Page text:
Pell, Short Term Pell, Workforce Pell - Finance

Overview

Federal Pell Grants are awarded to undergraduate students who display exceptional financial need and have not earned a bachelor's, graduate, or professional degree. There are some exceptions. For example, a student enrolled in a post-baccalaureate teacher certification program can be eligible for a Pell Grant. The amount awarded depends on the student’s financial need, cost to attend school, status as a full-time or part-time student, and plans to attend school for a full academic year or less. (A student can receive a Pell Grant for no more than 12 semesters (Benefits.gov, n.d.). Unlike student loans, Pell awards are grants. Recipients do not repay.

In 2011, the U.S. Department of Education explored expanding Pell Grants to short-term occupational (also known as vocational) programs in an effort to improve individuals’ success in the labor market. The Department launched two pilot programs to examine whether these eligibility expansions increased enrollment in and completion of occupational training programs.

  • The first pilot allowed income-eligible students with a bachelor’s degree to obtain Pell Grants for short-term occupational training programs that lasted up to one year for full-time students and two years for part-time students.
  • The second experiment allowed income-eligible students to obtain Pell Grants for short-term programs lasting eight to 15 weeks.

Since the release of the report in 2021 detailing the findings of these pilot programs, Congress has considered expanding Pell Grants to include short-term occupational programs, notably in the JOBS Act and the Bipartisan Innovation Act. As of yet, no legislation has led to large-scale expansion of Pell Grants to such occupational programs.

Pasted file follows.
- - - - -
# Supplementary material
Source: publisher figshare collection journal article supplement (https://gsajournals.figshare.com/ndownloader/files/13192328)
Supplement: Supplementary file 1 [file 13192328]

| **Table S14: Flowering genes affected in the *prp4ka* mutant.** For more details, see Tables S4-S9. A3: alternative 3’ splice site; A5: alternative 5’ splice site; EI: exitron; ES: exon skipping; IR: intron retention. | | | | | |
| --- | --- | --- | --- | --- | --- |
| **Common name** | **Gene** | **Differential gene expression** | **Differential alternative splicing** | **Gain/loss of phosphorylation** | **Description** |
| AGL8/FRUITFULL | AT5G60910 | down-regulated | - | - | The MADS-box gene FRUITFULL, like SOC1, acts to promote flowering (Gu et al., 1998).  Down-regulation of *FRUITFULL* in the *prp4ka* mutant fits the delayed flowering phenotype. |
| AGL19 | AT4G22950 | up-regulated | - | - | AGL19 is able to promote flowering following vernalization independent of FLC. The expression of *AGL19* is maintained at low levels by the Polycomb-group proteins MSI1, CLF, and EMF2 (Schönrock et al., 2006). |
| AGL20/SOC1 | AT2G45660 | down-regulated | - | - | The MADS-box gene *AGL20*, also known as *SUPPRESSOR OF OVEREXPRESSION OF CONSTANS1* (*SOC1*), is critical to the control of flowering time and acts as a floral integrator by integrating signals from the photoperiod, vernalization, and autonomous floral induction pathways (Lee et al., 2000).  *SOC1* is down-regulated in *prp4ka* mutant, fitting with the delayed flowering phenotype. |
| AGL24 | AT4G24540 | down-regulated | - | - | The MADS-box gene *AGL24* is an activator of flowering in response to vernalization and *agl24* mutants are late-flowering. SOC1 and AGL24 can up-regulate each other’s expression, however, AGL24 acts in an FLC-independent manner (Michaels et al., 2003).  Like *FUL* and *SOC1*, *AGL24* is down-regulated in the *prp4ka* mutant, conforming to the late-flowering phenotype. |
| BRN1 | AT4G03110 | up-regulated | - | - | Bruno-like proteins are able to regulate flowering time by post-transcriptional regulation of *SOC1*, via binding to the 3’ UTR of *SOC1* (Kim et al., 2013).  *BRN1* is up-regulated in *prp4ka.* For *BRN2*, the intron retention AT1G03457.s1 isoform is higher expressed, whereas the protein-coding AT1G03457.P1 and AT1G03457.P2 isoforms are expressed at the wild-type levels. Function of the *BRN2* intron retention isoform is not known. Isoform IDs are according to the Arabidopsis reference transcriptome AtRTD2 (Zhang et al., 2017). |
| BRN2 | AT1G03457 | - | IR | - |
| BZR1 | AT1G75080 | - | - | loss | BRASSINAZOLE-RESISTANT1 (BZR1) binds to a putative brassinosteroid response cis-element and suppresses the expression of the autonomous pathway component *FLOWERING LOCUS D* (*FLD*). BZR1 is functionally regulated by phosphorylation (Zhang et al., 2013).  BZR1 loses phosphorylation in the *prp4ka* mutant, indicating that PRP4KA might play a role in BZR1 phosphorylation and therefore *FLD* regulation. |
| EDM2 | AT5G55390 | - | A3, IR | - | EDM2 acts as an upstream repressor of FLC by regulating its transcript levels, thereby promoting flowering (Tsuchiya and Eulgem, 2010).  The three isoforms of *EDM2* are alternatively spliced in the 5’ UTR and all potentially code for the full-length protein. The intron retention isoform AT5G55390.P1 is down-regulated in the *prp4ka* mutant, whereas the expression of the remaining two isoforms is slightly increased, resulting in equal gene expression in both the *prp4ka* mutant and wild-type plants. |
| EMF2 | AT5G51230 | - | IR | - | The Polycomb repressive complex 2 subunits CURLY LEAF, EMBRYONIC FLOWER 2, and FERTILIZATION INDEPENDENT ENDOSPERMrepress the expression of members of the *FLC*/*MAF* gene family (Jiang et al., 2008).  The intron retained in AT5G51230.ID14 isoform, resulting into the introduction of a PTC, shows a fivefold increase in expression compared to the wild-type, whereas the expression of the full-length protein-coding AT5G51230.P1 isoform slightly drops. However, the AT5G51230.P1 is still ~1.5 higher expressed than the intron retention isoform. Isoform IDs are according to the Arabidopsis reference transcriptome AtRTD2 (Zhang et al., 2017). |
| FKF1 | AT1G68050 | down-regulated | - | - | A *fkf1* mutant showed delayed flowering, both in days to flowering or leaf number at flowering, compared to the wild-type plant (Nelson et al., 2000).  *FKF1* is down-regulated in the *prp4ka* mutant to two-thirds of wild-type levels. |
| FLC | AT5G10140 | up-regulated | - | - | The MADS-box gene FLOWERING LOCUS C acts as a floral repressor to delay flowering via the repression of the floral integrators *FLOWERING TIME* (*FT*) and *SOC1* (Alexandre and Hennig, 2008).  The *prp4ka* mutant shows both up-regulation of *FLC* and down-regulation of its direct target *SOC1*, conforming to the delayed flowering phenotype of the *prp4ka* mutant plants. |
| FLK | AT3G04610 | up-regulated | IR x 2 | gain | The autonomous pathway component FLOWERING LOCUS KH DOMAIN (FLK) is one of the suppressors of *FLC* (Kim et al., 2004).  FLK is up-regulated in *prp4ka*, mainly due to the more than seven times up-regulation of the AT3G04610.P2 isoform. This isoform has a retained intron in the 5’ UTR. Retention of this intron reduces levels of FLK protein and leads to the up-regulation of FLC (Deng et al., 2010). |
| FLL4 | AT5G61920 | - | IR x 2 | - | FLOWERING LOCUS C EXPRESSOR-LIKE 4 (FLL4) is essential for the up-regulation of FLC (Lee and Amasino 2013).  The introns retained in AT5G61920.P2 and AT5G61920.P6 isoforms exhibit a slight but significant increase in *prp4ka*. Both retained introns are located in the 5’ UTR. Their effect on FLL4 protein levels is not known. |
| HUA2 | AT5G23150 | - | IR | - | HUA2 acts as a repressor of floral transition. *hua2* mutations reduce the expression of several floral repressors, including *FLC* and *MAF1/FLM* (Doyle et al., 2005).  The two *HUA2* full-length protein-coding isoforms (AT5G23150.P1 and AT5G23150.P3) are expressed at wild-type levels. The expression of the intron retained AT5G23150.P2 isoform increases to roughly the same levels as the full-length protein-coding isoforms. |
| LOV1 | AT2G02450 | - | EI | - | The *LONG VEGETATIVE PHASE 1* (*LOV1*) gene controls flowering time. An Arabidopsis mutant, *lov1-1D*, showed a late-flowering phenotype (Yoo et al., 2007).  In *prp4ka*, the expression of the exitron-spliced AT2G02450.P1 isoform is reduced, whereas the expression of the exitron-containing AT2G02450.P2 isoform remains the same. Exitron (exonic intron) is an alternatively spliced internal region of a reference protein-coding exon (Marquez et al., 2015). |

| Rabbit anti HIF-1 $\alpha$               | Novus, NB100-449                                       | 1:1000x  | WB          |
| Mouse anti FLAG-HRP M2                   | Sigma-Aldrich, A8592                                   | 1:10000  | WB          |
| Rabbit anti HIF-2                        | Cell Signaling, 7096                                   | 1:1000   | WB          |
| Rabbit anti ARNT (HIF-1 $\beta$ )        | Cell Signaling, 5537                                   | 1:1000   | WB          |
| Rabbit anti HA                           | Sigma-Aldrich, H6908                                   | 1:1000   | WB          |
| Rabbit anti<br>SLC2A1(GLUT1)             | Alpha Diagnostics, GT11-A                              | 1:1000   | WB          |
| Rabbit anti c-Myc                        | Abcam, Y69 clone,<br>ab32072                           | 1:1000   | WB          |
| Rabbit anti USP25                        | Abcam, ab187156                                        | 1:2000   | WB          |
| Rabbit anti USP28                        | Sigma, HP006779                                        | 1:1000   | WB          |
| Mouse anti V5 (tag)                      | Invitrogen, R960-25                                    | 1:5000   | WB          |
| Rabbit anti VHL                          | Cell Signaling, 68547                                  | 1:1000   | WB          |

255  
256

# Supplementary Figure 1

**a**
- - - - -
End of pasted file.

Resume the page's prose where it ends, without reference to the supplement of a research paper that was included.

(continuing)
August 2023 Update

The Congressional Research Service issued “Pell Grants for Short-Term Programs: Background and Legislation in the 118th Congress August 3, 2023” The report informed Congress as it considers legislation authorizing short-term Pell Grants.

  • The first section discusses current and historical context for HEA Title IV federal student aid and short-term programs.
  • The second section describes three proposals from the 118th Congress that would establish a new type of Pell Grant that would support student enrollment in short-term programs.

All references to current law denote the HEA (Higher Education Act) as in effect on or before July 1, 2024, as a result of amendments by the FAFSA Simplification Act (FSA; Title VII, Division FF, P.L. 116-260 [Consolidated Appropriations Act, 2021]) and the FAFSA Simplification Act Technical Corrections Act (FSATCA; Division R, P.L. 117-103 [Consolidated Appropriations Act, 2022])

December 2023 Update

In December, a bipartisan coalition of representatives (Education and Workforce Committee chair Virginia Foxx and House conference chair Elise Stefanik, both Republicans, as well as Democratic representatives Bobby Scott and Mark DeSaulnier) introduced a new bill to create the Bipartisan Workforce Pell. The legislation would permit a set-aside of Pell Grant funding for short-term postsecondary degree programs in order to align education opportunities with workforce needs. These programs typically span 8-15 weeks or involve 150-600 clock hours of instruction.

The Bill would enable:

  • Assisting high-need students in obtaining quick, employment-focused credentials.
  • Creating a quality assurance system for participating degree programs.
  • Establishing a process for existing and new accreditors to oversee the programs.
  • Enforcing a guarantee on price alignment to ensure students and taxpayers receive a positive return on investment.